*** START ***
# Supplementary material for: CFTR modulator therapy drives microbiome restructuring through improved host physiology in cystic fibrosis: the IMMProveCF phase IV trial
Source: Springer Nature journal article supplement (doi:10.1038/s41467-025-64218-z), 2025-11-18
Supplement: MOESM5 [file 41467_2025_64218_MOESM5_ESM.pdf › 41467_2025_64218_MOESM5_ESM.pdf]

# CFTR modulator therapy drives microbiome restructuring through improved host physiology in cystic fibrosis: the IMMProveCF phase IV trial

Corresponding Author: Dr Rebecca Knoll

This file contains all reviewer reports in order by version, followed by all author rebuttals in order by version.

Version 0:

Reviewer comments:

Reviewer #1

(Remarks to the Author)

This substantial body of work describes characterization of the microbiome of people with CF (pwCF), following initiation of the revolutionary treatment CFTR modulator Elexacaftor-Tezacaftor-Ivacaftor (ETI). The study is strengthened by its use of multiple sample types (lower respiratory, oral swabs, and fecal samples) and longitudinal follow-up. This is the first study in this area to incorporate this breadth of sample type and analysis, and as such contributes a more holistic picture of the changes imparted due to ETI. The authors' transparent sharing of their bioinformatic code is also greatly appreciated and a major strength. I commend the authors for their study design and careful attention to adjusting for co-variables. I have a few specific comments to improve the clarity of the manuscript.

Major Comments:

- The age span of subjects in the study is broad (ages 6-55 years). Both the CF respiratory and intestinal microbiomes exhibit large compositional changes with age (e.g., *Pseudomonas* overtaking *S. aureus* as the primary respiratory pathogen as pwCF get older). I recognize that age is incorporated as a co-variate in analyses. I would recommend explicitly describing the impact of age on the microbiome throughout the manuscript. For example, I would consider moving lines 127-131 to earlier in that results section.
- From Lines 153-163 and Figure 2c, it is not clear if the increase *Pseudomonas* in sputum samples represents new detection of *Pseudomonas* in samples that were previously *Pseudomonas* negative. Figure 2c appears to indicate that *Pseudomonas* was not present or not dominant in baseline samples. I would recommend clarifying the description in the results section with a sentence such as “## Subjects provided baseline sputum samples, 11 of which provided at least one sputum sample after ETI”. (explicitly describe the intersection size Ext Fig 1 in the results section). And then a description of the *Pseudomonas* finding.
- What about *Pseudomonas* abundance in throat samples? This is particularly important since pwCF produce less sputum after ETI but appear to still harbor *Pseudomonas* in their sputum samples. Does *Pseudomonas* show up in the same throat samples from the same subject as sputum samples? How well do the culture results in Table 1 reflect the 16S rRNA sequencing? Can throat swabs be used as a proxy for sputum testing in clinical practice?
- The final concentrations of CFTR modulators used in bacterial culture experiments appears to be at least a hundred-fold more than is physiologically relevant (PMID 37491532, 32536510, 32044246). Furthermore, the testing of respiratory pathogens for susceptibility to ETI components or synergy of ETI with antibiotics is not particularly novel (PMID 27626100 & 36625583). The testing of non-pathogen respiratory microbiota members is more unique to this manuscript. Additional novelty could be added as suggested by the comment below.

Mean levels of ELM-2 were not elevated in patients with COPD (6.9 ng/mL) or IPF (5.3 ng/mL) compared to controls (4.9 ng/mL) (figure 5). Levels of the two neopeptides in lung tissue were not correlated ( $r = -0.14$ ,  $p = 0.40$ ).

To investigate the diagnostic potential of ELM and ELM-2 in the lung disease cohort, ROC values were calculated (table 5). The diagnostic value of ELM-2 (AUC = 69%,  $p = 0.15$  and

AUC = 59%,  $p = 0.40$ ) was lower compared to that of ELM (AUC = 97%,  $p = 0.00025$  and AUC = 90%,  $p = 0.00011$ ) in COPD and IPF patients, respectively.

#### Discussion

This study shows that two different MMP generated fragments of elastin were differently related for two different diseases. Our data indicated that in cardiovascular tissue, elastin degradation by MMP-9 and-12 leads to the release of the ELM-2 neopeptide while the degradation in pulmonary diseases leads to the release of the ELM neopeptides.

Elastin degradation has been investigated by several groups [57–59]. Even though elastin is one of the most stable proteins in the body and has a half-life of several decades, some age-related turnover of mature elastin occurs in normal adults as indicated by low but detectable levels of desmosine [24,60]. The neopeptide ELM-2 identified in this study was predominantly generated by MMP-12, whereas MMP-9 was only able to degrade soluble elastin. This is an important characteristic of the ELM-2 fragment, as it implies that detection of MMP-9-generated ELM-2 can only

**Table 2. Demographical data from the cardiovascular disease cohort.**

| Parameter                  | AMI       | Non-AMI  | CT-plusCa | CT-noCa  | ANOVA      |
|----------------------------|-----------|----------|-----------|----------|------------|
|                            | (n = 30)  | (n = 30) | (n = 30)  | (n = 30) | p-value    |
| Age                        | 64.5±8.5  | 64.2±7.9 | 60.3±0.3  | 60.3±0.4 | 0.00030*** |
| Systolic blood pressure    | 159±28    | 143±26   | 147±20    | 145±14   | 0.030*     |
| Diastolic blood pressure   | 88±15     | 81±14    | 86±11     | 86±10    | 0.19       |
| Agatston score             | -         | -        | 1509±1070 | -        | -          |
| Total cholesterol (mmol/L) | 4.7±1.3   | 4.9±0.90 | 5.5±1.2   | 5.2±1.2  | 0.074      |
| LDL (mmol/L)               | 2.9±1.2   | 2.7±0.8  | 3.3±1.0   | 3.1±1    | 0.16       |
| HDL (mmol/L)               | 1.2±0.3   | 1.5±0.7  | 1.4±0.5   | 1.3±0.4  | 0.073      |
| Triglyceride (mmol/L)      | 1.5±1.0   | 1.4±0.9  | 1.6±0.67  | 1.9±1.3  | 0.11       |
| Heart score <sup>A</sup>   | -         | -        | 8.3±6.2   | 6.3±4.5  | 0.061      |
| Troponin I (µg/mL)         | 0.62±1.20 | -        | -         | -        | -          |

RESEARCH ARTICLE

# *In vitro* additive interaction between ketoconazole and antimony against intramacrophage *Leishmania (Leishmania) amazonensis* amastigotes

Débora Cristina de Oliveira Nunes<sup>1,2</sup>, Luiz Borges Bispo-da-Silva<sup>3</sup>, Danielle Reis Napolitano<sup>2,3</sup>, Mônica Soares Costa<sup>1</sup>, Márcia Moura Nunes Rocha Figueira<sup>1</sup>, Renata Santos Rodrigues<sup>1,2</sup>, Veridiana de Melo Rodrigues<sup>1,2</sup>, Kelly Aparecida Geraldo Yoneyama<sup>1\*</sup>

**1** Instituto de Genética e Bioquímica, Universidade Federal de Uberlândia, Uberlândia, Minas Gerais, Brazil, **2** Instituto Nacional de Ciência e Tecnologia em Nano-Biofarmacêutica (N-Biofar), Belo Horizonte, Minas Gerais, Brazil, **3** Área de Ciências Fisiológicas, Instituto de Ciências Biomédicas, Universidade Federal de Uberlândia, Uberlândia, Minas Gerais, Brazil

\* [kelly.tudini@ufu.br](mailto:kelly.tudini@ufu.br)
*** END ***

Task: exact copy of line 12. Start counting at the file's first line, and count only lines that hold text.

Major Comments: